Can telemedicine work for reproductive urology?
The answer depends on a patient’s needs and a urologist’s preference.
Reproductive urology visits can be stressful for couples struggling with infertility. Telemedicine could offset some of that stress by boosting the convenience and accessibility to infertility-related care. Or is telemedicine poorly suited for care that requires an initial evaluation by a urologist and information that is arguably better delivered face-to-face?
That’s the question that will be debated as part of Monday’s session, “Point-Counterpoint Debate: Telemedicine in Reproductive Urology.”
Jay Sandlow, MD, professor and interim chair of urology at the Medical College of Wisconsin in Milwaukee, will moderate the debate. He believes urologists can make a strong case on both sides, offering the following pros and cons.
Why telemedicine works
- Telemedicine is more convenient for many patients, particularly those who must travel.
- It allows patients to have follow-up appointments without having to miss work.
- It may make it easier for couples to both be present during the visit.
Why telemedicine doesn’t work
- Obviously, telemedicine doesn’t allow for a physical examination. This is an important part of new patient onboarding.
- Some tests require specialty labs that are not available everywhere. This includes semen analysis and certain blood tests.
- There’s a loss of personal connection between the patient and the urologist.
In his own practice, Dr. Sandlow said patients have been reacting favorably to the option of telemedicine, which was catapulted to center stage during the pandemic.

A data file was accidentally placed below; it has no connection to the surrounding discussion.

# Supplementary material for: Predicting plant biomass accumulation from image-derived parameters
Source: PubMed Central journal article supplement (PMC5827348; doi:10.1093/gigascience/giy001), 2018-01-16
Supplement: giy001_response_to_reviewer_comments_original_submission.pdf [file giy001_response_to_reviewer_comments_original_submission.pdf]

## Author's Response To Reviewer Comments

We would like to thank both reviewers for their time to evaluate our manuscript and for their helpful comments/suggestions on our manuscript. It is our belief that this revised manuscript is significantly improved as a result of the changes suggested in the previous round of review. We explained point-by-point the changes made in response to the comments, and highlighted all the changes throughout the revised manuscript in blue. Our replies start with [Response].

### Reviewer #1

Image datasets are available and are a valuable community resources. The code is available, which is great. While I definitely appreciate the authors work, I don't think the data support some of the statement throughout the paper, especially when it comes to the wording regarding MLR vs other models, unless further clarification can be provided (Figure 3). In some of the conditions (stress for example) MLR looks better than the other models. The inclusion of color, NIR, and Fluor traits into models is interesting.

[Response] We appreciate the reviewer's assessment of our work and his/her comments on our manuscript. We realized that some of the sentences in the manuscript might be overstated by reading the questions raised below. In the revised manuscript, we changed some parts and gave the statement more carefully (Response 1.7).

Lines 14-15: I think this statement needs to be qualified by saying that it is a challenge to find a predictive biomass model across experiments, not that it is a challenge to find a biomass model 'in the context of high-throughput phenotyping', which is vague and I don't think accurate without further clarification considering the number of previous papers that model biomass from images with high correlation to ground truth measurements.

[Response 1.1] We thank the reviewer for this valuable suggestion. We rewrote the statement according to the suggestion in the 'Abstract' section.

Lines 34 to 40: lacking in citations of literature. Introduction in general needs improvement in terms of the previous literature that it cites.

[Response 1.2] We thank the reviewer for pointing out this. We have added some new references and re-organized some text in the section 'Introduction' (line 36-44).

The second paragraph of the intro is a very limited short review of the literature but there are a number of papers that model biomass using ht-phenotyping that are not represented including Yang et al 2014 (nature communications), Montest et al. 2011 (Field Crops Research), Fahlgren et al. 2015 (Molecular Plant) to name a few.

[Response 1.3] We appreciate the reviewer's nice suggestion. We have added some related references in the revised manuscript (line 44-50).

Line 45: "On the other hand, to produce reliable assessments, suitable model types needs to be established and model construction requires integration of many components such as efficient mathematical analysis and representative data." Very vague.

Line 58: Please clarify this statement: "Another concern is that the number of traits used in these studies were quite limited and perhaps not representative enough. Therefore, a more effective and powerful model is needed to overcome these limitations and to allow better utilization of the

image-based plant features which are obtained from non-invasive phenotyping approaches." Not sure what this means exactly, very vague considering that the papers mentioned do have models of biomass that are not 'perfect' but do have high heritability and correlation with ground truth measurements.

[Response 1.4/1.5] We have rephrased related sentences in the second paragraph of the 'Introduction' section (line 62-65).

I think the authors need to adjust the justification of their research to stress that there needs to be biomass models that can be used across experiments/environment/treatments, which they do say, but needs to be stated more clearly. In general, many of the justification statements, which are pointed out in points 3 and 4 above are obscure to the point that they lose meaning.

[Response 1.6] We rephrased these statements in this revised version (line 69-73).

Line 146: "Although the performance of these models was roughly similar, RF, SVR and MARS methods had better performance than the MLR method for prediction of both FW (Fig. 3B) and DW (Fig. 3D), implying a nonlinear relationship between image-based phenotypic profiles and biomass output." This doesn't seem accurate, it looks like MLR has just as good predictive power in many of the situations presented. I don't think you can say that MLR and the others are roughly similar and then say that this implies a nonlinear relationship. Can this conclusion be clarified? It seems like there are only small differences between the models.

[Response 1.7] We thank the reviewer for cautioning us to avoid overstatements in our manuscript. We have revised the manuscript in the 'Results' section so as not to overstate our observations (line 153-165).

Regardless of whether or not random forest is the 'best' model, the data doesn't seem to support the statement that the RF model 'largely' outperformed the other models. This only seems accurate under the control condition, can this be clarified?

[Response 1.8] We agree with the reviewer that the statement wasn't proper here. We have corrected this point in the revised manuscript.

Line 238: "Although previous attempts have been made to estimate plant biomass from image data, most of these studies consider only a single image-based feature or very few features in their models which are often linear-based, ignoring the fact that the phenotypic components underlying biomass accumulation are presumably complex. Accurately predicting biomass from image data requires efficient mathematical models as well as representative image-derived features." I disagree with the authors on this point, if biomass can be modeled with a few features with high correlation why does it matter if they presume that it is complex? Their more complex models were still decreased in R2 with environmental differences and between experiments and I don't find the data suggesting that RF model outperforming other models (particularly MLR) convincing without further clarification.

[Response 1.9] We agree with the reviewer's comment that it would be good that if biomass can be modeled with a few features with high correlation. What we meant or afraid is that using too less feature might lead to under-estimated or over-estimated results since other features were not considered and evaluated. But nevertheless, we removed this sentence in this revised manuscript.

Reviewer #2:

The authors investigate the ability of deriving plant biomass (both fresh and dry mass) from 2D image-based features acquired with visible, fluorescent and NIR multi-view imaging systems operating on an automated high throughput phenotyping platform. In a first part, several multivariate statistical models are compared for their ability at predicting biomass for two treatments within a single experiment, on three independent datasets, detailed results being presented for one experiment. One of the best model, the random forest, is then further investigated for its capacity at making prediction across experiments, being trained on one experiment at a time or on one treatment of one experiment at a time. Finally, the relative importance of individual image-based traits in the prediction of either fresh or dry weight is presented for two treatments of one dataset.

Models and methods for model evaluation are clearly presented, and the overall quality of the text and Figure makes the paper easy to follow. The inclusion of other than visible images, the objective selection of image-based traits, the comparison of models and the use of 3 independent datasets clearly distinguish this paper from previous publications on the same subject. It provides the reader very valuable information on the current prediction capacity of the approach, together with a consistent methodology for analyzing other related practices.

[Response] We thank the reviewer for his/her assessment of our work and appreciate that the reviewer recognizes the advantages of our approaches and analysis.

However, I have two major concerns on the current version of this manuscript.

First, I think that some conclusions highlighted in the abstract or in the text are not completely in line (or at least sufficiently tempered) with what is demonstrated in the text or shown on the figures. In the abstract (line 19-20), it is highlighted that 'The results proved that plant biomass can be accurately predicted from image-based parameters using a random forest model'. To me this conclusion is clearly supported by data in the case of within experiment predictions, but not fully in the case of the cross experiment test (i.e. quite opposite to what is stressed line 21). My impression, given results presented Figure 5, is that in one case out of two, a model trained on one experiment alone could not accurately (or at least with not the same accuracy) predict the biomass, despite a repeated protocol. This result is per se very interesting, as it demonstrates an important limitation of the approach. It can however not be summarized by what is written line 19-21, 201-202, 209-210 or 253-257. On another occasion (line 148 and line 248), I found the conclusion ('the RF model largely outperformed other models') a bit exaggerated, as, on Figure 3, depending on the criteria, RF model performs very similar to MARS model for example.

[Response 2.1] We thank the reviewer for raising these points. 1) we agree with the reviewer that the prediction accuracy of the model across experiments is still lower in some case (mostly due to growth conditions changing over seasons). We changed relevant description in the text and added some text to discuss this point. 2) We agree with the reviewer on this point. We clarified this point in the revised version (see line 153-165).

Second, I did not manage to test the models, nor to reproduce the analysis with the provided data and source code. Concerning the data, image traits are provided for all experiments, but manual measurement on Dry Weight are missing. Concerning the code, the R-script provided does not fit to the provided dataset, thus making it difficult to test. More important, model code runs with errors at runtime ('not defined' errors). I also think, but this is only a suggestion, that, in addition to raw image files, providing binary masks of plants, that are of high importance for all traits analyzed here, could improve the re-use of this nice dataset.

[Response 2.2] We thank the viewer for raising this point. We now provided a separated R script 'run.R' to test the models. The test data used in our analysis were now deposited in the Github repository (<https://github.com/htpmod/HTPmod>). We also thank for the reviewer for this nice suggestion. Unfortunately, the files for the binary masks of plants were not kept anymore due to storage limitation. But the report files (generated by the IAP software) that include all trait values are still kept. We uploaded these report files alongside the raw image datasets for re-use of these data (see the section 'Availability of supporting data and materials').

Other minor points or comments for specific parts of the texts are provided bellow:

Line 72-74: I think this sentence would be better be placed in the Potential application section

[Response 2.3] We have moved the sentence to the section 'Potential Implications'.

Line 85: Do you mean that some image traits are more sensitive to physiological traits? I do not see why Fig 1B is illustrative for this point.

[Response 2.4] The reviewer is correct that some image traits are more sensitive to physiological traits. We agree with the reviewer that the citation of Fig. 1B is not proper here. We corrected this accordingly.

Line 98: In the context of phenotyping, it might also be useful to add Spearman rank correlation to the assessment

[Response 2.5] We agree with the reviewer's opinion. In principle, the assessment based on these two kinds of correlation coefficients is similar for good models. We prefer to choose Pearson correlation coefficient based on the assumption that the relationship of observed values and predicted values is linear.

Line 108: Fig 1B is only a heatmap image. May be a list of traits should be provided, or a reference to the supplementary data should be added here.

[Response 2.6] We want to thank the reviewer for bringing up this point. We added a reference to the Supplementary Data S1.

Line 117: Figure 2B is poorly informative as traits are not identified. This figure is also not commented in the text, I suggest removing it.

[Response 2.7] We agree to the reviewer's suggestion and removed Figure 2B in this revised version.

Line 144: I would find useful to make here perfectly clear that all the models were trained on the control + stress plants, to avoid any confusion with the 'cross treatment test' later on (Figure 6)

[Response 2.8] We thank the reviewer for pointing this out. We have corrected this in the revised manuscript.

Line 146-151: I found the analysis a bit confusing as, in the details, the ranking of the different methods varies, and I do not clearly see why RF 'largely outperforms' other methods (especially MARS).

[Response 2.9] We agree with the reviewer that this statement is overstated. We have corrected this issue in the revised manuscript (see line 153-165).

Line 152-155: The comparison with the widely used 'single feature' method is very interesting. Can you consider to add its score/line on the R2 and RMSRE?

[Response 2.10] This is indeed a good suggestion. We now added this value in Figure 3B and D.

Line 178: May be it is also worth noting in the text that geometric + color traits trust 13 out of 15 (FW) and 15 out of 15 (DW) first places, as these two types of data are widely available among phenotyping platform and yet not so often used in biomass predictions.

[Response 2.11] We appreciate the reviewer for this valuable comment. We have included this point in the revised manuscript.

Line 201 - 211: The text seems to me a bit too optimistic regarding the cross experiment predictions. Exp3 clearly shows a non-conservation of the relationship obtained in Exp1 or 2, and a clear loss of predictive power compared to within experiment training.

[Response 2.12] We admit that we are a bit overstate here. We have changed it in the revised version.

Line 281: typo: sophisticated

“I have not offered telemedicine for new reproductive patients. However, I offer it for follow-up patients who don’t require an examination or a semen analysis,” Dr. Sandlow said. “I haven’t found it to be a tough sell, especially for the follow-up patients.”
However, Dr. Sandlow recognizes the limitations of telemedicine, especially in situations where being in the same room with a patient is better for delivering sensitive information.
“For example, it can be difficult to hear that you have a low sperm count. Having that conversation in person is often very beneficial,” Dr. Sandlow said. “Additionally, there’s more to the physical examination than just the testicular examination, and things can be missed.”
Ultimately, Dr. Sandlow said the take-away of the debate on telemedicine is: Every urologist and every patient is different. What works in one situation may not work across the board.
“Likely, each urologist will develop what works best for them and their patients,” he said. “Like everything else, there are going to be pros and cons, and both patient and physician will need to decide what works best for them.”